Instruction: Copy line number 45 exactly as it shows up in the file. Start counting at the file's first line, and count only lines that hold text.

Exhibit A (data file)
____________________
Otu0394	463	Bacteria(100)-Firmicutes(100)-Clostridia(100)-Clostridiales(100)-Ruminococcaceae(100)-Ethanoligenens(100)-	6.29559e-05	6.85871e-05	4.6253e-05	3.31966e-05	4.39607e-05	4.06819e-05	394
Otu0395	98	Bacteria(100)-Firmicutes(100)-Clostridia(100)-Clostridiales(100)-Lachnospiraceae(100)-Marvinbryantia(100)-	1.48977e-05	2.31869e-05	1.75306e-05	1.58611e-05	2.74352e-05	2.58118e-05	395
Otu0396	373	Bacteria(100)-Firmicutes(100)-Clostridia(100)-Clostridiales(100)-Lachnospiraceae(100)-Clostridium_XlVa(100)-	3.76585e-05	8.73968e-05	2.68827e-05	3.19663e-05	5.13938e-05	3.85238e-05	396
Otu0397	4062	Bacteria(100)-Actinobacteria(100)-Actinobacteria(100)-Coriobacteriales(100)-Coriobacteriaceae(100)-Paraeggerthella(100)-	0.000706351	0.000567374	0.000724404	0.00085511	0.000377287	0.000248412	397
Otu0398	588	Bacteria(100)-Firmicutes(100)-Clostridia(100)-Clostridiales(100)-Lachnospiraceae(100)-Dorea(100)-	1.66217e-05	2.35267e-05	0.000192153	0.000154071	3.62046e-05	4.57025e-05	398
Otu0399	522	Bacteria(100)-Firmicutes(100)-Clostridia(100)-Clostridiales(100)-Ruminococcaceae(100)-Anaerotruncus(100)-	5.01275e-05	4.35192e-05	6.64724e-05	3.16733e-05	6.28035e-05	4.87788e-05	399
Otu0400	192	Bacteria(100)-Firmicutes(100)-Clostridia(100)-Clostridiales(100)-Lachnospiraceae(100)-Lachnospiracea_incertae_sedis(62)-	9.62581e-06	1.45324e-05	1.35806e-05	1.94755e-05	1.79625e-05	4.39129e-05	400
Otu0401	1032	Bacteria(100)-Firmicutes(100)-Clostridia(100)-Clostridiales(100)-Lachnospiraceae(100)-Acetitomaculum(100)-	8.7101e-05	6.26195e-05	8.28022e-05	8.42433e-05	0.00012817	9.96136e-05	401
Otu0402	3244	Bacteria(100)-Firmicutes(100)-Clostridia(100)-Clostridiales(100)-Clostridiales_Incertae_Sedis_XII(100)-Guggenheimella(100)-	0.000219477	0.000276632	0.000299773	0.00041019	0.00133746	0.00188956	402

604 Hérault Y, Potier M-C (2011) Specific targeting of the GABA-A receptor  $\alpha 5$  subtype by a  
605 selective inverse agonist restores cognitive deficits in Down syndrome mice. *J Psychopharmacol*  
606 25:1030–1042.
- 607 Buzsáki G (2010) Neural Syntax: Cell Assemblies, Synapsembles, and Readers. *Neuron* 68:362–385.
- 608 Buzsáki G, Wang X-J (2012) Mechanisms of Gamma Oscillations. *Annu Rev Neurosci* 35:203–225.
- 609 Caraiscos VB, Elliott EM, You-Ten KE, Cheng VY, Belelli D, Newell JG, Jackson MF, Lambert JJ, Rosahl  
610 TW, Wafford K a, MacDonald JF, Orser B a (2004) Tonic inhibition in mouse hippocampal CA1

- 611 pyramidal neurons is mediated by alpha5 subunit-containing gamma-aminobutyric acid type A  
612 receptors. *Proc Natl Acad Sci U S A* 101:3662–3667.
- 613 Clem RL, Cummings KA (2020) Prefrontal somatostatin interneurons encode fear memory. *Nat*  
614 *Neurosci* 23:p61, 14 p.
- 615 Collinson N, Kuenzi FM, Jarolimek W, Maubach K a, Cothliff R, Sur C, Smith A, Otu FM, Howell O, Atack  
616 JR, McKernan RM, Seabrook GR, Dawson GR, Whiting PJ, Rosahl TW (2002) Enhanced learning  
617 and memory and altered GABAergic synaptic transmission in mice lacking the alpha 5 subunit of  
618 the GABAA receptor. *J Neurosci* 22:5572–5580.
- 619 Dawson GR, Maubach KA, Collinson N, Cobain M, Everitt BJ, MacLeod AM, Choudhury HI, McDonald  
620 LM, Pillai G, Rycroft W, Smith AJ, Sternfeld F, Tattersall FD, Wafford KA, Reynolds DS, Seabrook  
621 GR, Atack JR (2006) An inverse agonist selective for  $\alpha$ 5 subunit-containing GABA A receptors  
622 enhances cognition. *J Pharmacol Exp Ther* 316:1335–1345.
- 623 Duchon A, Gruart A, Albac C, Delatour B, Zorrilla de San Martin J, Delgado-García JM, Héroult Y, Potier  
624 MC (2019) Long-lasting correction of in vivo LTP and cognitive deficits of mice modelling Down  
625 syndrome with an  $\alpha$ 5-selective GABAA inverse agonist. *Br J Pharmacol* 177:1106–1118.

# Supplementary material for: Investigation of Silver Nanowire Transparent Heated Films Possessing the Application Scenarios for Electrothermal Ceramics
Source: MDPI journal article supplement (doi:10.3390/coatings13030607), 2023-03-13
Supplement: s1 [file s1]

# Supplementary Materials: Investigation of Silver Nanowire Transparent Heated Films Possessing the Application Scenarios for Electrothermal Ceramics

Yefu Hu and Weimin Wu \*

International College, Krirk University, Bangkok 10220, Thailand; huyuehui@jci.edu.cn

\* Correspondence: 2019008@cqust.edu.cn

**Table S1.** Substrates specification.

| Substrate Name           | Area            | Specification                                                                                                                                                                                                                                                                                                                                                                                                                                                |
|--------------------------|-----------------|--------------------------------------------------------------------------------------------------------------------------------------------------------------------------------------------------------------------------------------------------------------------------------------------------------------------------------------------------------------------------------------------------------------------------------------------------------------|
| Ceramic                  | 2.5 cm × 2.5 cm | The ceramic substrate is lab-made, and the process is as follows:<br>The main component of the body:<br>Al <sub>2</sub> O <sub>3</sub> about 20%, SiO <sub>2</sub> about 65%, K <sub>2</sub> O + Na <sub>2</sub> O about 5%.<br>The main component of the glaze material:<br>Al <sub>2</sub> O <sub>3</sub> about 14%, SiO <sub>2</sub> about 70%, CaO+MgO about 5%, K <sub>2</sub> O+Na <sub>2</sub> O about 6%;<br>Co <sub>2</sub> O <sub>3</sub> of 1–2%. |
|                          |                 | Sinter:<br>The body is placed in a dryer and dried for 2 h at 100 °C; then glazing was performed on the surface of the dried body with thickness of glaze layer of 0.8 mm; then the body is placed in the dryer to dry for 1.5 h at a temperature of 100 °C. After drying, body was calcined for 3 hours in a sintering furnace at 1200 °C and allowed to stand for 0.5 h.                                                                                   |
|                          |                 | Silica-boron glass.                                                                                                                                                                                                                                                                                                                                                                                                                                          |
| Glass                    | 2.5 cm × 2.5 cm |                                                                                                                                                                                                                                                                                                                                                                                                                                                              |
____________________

| Glass                    | 2.5 cm × 2.5 cm |                                                                                                                                                                                                                                                                                                                                                                                                                                                              |